Any one that has read my writing in our firewalled ITJourno/MediaConnect sites knows that I’m fiercely passionate about writer’s copyright and that I’m appalled at the level of theft that takes place in the blogosphere, or what I called the “flogosphere” in my most recent post.
Am I’m not even talking about so-called splogs here. Even high-profile bloggers regularly paste massive slabs of an article into their own blogs, under the premise of providing context. I simply don’t get it? You simply provide a link and the reader can go read the original post themselves and that’s real context. I don’t ever see the need for more than two or three pars to be “quoted” in any blog/story/article. For me, once you step over that boundary, you’re plagiarising. You’re taking away the reason that somebody might link through to an article and thereby possible earn revenue.
This issue has got some traction over the last 24 hours, because big-time blogger, Om Malik, got the shits his content was being ripped off. Fact is, though, it’s happening all over the net, all-day, every-day. There’s simply stuff all respect for writer’s copyright on the Internet and there needs to be a fundamental change take place or it’s going to go on unabated and the tenuous economics that one day, might make blogging and independent media sustainable remain even further off in the distance.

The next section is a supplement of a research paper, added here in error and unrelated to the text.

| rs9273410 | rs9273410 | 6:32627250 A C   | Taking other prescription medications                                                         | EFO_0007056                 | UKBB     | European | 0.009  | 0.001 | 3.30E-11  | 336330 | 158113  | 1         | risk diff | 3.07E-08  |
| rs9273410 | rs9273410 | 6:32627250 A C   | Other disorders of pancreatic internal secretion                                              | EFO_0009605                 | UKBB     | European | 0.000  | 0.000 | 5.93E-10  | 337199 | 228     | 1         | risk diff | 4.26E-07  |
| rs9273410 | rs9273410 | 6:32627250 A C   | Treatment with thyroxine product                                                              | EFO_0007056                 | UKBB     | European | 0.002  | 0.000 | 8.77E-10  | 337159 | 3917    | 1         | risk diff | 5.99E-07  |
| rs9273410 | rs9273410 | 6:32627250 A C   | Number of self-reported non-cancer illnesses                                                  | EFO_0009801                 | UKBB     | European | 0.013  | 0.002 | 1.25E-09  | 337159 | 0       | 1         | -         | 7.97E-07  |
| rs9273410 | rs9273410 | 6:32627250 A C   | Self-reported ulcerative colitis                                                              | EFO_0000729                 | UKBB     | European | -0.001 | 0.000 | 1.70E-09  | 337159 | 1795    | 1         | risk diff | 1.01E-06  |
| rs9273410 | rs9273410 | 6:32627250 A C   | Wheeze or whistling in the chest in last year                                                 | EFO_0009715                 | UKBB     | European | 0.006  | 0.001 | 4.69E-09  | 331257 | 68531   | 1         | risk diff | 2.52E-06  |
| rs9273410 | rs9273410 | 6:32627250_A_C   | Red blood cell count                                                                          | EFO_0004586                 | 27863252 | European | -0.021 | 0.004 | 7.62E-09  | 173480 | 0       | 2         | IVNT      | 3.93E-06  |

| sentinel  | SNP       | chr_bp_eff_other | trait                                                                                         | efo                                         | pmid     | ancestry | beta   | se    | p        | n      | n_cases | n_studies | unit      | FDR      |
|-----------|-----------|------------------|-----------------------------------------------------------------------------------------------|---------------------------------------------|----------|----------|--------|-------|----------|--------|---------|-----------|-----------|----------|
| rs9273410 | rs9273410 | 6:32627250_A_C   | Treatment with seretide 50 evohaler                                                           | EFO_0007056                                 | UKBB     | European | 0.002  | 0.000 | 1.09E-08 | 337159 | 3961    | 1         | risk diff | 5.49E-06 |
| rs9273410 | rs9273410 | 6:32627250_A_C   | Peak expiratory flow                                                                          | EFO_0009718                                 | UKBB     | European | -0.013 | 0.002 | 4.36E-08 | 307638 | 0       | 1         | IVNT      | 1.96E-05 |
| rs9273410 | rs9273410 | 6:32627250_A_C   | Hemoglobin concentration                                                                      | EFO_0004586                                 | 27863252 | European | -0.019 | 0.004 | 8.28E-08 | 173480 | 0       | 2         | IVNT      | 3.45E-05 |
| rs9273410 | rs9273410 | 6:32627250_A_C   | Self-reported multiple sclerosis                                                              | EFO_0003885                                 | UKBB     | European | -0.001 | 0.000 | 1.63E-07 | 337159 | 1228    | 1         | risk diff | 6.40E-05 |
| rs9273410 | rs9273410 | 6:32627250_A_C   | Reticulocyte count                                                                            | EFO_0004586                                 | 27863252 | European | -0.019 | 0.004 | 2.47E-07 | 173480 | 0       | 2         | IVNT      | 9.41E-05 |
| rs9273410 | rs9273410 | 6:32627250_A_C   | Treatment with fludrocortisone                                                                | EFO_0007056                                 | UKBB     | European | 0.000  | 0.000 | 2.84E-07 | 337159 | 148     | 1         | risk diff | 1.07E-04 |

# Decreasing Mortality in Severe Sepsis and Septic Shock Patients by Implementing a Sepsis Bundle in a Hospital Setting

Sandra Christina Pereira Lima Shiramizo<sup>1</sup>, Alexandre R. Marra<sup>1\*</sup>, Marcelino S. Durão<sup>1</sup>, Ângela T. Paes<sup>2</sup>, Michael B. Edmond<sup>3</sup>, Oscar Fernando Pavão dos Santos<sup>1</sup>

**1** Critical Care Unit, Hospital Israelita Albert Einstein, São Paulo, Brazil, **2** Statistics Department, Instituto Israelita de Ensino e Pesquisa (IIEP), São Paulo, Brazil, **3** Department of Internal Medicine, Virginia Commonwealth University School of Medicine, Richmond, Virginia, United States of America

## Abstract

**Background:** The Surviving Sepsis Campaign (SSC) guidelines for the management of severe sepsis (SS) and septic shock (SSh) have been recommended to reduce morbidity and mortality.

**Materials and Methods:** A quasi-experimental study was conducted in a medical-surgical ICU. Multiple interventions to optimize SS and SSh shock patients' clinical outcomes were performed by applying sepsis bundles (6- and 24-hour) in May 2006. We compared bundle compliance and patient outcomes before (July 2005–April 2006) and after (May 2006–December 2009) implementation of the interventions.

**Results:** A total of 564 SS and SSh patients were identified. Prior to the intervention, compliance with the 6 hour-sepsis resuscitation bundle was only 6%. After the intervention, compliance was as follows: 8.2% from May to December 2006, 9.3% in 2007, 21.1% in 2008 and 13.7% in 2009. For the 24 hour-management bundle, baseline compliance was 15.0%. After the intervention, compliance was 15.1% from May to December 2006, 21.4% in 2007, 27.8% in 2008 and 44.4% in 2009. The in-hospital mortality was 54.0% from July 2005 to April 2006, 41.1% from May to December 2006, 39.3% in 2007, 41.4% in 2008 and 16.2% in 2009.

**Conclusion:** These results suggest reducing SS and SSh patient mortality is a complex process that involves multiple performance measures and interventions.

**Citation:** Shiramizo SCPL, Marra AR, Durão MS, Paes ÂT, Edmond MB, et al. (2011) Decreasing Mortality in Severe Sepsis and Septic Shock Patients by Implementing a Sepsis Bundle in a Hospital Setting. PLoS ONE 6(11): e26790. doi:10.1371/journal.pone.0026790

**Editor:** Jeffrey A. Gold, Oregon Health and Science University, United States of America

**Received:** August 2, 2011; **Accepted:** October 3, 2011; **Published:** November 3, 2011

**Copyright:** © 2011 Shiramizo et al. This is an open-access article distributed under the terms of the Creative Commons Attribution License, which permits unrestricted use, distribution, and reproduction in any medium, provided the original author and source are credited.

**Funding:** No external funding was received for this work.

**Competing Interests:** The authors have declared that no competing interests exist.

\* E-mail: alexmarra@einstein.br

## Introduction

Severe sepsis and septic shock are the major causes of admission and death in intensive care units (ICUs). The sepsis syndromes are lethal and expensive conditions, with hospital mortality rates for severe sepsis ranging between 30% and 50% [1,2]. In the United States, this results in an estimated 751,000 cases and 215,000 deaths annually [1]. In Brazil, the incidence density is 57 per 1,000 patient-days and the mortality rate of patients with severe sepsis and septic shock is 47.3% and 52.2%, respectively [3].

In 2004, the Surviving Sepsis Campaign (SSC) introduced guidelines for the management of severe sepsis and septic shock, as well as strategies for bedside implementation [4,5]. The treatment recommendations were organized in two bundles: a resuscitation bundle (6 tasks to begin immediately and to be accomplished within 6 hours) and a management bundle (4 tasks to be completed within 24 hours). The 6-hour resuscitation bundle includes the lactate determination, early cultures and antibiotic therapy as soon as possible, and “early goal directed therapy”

I’d suggest bloggers all start by stating their terms and conditions of copyright re-use. How much content can be republished (eg: three paragraphs/1000 words/partial-RSS feed only) and under what terms and conditions that can occur (eg: proper attribution and link). And then I’d love to see some of the big media companies start dropping lawsuits on serial plagiarists. The content community needs a big stick of some variety or they will be powerless to enforce copyright. I’d love to see a global organisation that any content provider can become a member of which would be charged with enforcing copyright through the legal system. The software industry has one, so does the music industry.
Also, the blogosphere needs to get over it’s reticence for partial-RSS feeds. Let’s face it, if you publish a full RSS feed, you’re inviting people to rip off your content. Om Malik’s blog couldn’t have been ripped off as easily as it could were it not for the full RSS feed he offers. Robert Scoble last month wanted to “shoot someone” because they refused to publish full RSS feeds, reasoning that they were treating him like a “slave”. The subsequent discussion is well worth reading. I really don’t see how you can expect to run a commercial blog, if you value your content so little, that provide a mechanism for anyone to publish it, wherever the hell they want.